It was, as a drawing published in the magazine 'Bit' in July 1967 and wittily signed 'P. Pascali, hydraulic engineer', reveals, the open paradox of his transformation of the fluid element of water into a 'plastic' material of sculpture that so appealed to him. On this drawing, in which he outlined his plans for the 32 Square metres of Sea Pascali also outlined how he intended to use 'the colour of the sea treated as a plastic liquid element'.

Existing solely as a surface of water, 32 Square metres of Sea like Confluenze is nevertheless, a defined and limited sculptural space. It is in fact limited completely to its dimensions of six by six trays. Confluenze, on the other hand, which consists of twenty-two trays of coloured water, can exist in a smaller number of trays if the dimensions of the room require, but its form is ultimately determined by its title. It is a work in which its two separate 'streams' of water must be seen to converge together. The only other water sculpture from the series, Canali di irrigazione remains a more open work. Highly dependent on the location into which they are to be placed, these canals can be laid out in different ways and in new incarnations such as the Acque stanganti (Stagnant Pools) or the Fiume con foce tripla (River with three mouths).

This demonstrative sense of the openness and fluidity in the structure of the work is turned into another deliberate paradox in Confluenze with its limited demarcated space, but fluid material substance. It is a paradox that runs throughout almost every physical aspect of the work in an endlessly repeating pattern of openness and deliberate ambiguity. Space is occupied by the work and yet the work itself seems to have no space or dimension and remains open to and ultimately merely reflective of the space into which it is set. Its solid metal forms implying density and mass in fact contain the shallow fluid and light-reflective material of water which despite its own shallowness also implies, through its artificial deep blue-dye colouring a profundity, depth and mystery that isn't there. Divided into two rows of separate units the form of the work, as its title indicates, suggests a flow towards a convergence, but the segmented nature of the work and its division denies the possibility of all flow and ultimately of all real confluence. Its two columns of segmented water paradoxically quantified into a sequence of rectangular units remain forever separate, mirroring one another and only really reflective of the reality into which they have been placed.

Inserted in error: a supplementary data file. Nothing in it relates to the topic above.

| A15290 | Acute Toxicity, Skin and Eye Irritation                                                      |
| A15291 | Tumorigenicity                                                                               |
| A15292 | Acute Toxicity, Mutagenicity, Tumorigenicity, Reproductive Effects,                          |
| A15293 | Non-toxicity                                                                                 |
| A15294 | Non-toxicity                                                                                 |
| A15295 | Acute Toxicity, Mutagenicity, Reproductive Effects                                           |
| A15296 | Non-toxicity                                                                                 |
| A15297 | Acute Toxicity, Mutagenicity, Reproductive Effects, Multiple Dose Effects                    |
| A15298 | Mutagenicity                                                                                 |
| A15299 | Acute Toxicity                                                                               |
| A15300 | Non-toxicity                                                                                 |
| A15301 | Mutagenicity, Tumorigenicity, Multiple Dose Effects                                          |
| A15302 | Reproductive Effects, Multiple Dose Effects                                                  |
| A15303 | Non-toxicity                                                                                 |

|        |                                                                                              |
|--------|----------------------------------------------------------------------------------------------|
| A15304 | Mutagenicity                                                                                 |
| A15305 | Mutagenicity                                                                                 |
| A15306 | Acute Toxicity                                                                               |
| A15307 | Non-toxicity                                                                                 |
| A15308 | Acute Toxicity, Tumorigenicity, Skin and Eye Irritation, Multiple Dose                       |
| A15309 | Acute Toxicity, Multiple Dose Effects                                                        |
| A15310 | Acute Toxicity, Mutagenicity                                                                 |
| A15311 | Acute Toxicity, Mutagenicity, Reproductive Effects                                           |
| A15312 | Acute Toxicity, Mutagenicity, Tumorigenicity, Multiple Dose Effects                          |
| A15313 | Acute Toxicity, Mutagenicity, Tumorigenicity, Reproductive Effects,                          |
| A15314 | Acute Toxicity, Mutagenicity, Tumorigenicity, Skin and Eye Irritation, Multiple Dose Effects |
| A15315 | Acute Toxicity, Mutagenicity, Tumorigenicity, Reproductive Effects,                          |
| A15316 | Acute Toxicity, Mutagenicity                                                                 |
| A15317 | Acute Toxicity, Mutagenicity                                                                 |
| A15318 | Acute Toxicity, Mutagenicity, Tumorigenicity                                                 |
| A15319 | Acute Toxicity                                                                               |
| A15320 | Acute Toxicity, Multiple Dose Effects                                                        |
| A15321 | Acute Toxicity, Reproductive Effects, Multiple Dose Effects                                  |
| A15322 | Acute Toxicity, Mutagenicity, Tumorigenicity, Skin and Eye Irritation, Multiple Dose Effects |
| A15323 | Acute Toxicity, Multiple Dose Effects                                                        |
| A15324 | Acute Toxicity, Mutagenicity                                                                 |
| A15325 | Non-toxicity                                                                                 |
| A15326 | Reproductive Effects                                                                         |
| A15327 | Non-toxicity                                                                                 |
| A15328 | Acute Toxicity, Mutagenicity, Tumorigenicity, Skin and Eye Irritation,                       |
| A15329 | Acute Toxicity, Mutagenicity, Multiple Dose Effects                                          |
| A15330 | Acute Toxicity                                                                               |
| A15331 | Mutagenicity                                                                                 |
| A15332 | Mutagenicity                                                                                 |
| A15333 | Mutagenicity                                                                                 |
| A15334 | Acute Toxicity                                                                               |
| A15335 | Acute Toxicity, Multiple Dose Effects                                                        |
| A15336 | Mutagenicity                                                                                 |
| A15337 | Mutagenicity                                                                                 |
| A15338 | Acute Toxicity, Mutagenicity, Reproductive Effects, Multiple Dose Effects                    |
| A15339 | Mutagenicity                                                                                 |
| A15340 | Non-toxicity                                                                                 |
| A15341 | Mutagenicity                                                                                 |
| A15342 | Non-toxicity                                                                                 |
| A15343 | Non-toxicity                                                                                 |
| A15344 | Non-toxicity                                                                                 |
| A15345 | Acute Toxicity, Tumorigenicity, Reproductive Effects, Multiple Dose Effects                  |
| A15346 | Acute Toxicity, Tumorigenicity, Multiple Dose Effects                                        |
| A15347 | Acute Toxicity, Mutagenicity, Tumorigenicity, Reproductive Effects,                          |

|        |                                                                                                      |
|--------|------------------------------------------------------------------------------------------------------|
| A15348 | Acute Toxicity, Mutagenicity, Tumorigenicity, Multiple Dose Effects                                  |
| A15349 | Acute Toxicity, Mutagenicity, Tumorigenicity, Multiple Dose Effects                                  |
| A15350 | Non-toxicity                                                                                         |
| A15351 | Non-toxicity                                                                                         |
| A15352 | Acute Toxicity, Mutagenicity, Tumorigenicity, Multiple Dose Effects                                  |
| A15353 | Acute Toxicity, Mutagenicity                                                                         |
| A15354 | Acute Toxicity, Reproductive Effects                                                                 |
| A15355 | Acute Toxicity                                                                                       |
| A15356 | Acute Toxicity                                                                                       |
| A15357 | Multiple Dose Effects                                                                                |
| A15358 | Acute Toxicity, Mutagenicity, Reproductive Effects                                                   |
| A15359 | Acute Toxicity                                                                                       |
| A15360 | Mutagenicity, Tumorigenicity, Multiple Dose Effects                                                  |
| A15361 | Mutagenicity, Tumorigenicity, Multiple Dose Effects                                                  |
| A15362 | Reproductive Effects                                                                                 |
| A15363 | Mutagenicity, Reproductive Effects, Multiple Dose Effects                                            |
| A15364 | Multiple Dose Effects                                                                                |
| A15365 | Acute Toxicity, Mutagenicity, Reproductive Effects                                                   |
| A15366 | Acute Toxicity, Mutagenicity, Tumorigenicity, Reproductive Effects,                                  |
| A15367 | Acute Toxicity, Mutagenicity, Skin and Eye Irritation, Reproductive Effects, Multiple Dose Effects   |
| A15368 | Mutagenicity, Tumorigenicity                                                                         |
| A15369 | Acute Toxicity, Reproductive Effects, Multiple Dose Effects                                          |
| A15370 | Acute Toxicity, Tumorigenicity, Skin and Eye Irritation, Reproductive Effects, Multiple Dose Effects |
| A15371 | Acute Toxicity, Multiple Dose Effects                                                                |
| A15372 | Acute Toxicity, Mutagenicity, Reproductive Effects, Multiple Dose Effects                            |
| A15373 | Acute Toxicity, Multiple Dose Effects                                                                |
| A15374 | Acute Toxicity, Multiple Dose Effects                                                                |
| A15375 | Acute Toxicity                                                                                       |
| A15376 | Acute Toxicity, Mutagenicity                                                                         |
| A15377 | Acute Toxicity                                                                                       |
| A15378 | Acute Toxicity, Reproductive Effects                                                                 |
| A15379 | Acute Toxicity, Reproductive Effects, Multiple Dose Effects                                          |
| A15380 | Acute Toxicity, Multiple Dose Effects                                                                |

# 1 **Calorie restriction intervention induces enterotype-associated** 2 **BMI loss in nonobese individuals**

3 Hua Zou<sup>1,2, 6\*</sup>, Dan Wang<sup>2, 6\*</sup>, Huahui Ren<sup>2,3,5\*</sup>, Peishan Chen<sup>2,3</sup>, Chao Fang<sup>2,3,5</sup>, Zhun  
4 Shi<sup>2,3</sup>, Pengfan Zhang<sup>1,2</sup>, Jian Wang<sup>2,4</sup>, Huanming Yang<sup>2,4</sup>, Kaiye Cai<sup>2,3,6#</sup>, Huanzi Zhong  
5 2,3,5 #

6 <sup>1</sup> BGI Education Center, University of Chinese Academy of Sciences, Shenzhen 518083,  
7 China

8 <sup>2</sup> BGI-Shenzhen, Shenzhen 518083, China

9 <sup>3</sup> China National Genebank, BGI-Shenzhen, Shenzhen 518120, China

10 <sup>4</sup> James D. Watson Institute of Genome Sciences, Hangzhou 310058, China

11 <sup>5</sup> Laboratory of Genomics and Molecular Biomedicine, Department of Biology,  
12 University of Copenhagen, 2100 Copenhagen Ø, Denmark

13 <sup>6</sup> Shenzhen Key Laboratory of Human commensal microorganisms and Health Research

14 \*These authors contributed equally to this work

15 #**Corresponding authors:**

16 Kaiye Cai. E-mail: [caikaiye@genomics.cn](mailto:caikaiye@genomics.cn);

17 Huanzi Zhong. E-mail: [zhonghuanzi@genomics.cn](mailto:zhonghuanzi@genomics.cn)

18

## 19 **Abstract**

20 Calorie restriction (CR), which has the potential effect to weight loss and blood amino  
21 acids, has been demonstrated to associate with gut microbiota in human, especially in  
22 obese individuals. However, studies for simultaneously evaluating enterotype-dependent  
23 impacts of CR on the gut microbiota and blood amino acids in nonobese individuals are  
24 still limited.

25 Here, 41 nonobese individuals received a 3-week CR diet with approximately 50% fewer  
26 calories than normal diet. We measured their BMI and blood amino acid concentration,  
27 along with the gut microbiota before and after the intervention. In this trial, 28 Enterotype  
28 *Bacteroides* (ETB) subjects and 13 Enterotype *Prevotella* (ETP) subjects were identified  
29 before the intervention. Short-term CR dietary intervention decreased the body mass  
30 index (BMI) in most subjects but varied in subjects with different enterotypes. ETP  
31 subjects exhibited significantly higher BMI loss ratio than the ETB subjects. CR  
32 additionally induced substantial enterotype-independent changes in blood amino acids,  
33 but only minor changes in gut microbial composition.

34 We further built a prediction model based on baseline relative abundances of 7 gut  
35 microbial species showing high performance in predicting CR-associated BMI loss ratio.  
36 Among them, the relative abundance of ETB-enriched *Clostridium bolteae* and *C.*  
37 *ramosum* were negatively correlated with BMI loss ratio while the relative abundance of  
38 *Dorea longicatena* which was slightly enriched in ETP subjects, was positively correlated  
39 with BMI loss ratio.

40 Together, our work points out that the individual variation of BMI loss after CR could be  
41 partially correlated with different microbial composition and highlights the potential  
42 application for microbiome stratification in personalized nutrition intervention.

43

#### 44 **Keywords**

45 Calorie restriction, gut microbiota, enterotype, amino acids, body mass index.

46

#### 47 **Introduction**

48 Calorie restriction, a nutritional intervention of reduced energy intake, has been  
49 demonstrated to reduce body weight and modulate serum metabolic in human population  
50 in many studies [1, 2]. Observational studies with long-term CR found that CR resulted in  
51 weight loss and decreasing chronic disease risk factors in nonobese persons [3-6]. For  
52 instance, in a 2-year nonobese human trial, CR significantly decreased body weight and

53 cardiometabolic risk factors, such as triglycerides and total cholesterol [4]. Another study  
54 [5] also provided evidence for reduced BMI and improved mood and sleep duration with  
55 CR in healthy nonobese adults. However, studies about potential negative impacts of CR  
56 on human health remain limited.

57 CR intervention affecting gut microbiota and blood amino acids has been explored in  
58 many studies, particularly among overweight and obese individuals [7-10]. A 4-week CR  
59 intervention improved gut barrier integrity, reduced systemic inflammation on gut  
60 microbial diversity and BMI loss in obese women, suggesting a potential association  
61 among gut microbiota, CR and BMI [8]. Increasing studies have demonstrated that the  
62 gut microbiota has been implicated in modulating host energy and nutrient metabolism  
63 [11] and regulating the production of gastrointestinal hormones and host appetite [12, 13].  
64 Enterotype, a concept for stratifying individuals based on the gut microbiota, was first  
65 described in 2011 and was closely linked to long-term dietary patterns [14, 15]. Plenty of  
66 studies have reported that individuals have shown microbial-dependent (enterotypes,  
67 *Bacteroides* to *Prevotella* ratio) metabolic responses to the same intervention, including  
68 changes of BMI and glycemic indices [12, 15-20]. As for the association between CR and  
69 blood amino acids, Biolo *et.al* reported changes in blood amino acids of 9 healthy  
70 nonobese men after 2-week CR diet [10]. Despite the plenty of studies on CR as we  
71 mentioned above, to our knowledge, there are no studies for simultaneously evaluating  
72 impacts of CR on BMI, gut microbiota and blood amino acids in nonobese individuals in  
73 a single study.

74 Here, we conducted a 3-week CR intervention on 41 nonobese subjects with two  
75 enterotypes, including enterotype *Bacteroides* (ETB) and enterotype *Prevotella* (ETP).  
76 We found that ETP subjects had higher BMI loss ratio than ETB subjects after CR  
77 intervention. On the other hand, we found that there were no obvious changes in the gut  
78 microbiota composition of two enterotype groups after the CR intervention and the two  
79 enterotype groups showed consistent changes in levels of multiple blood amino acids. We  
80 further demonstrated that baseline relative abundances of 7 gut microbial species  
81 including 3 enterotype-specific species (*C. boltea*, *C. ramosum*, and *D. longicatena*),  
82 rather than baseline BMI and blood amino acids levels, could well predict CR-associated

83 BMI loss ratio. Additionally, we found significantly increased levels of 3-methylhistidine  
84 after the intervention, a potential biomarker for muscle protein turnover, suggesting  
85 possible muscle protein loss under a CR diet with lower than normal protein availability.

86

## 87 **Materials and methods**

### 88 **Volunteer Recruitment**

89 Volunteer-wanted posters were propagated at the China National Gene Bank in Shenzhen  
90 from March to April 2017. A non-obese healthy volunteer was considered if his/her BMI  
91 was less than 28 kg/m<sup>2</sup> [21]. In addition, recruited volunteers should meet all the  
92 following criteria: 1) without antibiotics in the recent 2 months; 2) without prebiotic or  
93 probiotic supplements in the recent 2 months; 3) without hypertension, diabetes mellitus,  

This overriding sense of ambiguity established by this work with its mysterious, regimented and mirroring water surface reflecting and giving new form to the space around it, lyrically establishes and reflects that precise sense of fascinating vertigo with which Pascali viewed the world. It is that sense of vertigo that he described when, talking about the genesis of the Elementi della natura series he said, 'water fascinates me a great deal, it is sort of like a mirror...We'll have to see at what point which one of us exploits the other. If water takes me over, then the whole thing is done for.'